Barry and the Artillery Organization of the AOP: Part 8, Siege Train

Continuing with the examination of the initial organization of the artillery in the Army of the Potomac, I turn now to William Barry’s recommendation for a siege train to accompany the army.  Barry intended for the siege train to operate as part of the artillery reserve, calling for “guns of position” to full some of the batteries.

As the army organization took shape in the late summer and fall of 1861, most heavy garrison guns in Barry’s area of operation were concentrated around the Washington defenses.  In August 1861, Barry noted the composition of those batteries.  The works, at that time, supported 78 guns – thirty shell guns, five rifled guns, thirty-four 24- and 32-pounders, and a number of field guns.  Works then under construction would require fifty more guns.

Barry didn’t address a siege train for the maneuver army in his 1861 recommendations.  However in September 1862, he elaborated briefly on the subject stating, “A siege train of fifty pieces.  This was subsequently expanded (for special service at the siege of Yorktown) to very nearly 100 pieces, and comprised the unusual calibers and enormously heavy weight of metal of two 200-pounders, five 100-pounders, and ten 13-inch sea-coast mortars.”

A report posted in May, 1862 offered more details of the siege train at Yorktown, indicating two 200-pdr (8-inch) Parrotts, eleven 100-pdr (6.4-inch) Parrotts, thirteen 30-pdr (4.2-inch) Parrotts, twenty-two 20-pdr (3.67-inch) Parrotts, ten 4.5-inch siege rifles, ten 13-inch seacoast mortars, ten 10-inch seacoast mortars, fifteen 10-inch siege mortars, five 8-inch siege mortars, and three 8-inch siege howitzers.  Volunteers from Connecticut and New York served most of these guns.  Field guns also supplemented the heavy “guns of position,” adding even more weight.  Of course, this concentration of firepower turned out to be overkill as the Confederates withdrew before all the guns could sound off.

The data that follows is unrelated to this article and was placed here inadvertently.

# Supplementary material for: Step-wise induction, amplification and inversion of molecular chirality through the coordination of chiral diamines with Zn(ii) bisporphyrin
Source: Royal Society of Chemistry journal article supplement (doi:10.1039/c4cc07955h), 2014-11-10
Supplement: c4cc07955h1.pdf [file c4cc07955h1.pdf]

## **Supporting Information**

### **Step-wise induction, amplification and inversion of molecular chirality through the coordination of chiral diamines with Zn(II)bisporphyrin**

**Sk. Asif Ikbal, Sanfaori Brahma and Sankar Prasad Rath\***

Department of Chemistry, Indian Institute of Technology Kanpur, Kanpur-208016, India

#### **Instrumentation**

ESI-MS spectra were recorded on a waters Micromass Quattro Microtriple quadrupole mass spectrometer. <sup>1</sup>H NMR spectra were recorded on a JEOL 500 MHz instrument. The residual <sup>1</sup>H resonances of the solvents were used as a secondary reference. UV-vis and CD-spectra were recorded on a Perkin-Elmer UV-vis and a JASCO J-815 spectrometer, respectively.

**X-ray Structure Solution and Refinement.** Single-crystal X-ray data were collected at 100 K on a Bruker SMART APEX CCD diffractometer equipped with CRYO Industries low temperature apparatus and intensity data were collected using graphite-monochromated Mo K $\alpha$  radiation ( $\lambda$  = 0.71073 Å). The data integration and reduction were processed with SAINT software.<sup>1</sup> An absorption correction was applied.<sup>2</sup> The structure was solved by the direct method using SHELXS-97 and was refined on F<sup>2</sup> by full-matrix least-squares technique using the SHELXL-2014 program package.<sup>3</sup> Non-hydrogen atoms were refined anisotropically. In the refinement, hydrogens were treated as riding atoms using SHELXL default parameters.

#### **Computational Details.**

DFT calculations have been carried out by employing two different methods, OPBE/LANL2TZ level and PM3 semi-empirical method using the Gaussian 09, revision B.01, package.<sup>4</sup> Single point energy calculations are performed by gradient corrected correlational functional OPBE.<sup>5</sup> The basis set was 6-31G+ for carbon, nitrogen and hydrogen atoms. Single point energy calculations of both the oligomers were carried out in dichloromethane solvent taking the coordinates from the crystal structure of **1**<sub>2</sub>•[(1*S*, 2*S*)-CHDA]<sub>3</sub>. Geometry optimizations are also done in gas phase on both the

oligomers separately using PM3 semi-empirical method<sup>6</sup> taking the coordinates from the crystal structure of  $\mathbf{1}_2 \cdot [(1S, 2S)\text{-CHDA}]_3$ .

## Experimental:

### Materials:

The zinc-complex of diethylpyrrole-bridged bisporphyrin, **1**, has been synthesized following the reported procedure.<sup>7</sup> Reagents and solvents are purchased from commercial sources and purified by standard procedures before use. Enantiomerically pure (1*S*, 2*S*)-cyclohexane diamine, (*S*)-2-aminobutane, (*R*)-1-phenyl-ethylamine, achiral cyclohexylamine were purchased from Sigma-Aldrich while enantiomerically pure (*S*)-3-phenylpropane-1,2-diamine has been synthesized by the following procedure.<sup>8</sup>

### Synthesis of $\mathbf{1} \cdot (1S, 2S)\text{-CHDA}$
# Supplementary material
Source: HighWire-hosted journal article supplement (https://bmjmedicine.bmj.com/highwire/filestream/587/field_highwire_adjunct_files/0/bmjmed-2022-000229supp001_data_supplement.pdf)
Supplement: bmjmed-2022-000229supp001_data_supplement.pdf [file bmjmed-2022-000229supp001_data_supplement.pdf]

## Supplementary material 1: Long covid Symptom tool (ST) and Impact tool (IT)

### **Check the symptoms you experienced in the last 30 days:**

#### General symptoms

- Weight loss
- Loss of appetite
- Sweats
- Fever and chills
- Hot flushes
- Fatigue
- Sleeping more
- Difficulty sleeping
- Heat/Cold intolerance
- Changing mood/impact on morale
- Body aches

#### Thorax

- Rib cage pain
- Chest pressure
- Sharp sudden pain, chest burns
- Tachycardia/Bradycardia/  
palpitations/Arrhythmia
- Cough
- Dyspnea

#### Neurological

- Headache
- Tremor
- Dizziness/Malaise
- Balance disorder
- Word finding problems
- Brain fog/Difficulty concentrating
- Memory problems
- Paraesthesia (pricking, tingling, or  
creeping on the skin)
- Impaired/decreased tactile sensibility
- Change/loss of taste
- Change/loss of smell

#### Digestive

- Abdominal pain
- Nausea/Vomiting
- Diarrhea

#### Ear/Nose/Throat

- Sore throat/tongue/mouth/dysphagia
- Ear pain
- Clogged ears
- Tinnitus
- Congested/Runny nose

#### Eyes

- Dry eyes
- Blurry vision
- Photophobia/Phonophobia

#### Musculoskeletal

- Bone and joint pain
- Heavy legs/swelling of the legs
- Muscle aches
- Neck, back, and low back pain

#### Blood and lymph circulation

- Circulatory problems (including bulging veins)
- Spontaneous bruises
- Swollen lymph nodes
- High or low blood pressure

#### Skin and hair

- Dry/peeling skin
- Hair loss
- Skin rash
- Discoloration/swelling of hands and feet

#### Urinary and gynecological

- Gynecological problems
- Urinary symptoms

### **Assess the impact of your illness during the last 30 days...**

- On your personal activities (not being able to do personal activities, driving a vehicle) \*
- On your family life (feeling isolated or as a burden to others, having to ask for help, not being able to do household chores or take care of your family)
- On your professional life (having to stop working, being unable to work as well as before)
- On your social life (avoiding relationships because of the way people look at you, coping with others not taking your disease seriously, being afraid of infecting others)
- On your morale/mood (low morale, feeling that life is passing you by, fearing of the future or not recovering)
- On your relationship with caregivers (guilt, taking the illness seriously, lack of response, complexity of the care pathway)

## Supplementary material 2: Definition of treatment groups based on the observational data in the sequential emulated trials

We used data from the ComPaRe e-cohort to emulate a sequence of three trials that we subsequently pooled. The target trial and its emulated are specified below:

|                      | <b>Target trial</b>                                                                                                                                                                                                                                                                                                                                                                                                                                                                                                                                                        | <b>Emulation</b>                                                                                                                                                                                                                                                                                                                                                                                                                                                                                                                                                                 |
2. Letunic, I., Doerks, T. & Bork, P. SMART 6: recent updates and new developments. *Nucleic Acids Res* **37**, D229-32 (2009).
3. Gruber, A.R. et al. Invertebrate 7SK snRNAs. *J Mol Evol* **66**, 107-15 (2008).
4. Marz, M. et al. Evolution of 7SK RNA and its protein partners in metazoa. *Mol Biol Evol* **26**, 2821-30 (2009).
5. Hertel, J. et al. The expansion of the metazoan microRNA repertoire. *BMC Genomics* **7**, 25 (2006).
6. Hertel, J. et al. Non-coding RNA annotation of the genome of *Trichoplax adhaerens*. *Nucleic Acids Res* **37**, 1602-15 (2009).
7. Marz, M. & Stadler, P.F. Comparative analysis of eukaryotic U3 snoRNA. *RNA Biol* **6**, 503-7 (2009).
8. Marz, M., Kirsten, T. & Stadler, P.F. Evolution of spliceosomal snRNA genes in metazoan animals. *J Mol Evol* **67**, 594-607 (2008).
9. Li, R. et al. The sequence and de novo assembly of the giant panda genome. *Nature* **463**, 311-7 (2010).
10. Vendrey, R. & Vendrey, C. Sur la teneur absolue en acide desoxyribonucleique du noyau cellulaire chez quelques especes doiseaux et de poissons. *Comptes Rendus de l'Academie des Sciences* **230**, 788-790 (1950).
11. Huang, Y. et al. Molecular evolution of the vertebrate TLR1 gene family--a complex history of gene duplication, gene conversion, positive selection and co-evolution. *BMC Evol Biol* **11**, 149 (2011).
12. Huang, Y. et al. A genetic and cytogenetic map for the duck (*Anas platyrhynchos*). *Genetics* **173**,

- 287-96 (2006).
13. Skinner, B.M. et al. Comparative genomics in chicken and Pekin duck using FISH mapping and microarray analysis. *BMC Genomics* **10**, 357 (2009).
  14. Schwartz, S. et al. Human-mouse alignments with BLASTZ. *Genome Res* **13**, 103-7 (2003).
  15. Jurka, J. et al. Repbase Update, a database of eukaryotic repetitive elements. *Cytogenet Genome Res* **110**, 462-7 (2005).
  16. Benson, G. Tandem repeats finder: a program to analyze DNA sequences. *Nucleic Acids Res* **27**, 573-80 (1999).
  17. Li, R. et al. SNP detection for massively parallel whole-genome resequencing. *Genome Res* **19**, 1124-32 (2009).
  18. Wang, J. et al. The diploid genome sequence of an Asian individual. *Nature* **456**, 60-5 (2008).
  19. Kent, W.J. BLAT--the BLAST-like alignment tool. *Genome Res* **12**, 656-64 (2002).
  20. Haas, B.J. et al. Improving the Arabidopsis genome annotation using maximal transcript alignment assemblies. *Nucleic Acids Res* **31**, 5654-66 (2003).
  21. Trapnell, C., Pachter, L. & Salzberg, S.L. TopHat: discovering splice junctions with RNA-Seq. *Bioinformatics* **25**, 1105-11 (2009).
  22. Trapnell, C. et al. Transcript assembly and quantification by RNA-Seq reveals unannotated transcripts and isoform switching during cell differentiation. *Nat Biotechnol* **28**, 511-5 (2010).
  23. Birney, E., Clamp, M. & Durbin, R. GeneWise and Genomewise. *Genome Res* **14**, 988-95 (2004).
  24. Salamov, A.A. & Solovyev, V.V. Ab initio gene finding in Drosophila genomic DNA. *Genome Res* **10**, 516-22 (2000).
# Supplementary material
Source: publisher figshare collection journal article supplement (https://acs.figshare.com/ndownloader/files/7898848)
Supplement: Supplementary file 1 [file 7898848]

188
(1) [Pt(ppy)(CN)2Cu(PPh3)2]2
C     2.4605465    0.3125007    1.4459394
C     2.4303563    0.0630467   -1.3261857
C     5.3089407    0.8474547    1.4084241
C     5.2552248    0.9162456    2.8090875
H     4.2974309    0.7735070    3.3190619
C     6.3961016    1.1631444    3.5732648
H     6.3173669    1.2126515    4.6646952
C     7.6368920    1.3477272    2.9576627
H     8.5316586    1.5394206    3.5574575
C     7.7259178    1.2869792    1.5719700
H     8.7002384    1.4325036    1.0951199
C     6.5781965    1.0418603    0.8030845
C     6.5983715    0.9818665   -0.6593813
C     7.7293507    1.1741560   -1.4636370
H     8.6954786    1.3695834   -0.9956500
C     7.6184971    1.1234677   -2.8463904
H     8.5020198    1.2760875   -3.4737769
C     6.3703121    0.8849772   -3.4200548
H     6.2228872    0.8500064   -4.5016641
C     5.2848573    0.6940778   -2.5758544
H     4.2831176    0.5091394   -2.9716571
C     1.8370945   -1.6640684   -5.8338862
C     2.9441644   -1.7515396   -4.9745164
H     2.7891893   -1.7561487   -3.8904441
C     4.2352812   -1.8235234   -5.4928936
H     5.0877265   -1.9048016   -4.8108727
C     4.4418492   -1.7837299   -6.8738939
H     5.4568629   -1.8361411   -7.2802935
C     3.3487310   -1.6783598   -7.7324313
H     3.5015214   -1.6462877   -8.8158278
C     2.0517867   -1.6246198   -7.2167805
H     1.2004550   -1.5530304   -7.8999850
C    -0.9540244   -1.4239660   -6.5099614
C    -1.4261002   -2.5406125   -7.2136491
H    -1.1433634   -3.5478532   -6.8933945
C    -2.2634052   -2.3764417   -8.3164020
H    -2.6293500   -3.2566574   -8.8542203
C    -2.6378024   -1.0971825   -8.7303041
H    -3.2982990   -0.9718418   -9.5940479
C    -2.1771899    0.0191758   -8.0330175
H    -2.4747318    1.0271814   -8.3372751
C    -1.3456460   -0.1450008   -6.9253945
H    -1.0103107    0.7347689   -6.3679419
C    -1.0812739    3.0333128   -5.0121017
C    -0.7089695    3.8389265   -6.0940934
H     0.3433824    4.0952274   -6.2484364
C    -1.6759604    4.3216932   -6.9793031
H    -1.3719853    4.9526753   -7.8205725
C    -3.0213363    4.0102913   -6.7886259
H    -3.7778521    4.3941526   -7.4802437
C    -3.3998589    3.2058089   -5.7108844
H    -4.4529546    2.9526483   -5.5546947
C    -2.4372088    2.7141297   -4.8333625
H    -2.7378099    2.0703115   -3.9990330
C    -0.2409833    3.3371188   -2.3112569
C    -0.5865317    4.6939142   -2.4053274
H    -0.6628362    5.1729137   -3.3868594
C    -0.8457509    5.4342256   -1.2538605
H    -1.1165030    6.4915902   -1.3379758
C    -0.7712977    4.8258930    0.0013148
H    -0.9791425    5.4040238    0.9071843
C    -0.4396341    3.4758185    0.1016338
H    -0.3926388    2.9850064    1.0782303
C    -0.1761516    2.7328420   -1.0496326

I would point out the Yorktown siege lines used none of the 32- or 42-pdrs, or even the shellguns, mentioned as forming the greater part of the Washington defenses as the Army of the Potomac was formed.  Already identified as obsolete by the Ordnance Department, these guns had little use on the Peninsula.  Instead the artillerists used rifled guns, mortars, and a few smoothbore howitzers.

Some of the siege train accompanied the Army of the Potomac further up the Peninsula.  The 4.5-inch rifles played a minor role in the Seven Days.  But for the most part, experience demonstrated the very heavy guns were an encumbrance for an army on the move.  But when the same army opened siege operations around Richmond and Petersburg in 1864, the heavy guns returned.  But that is another story for another time!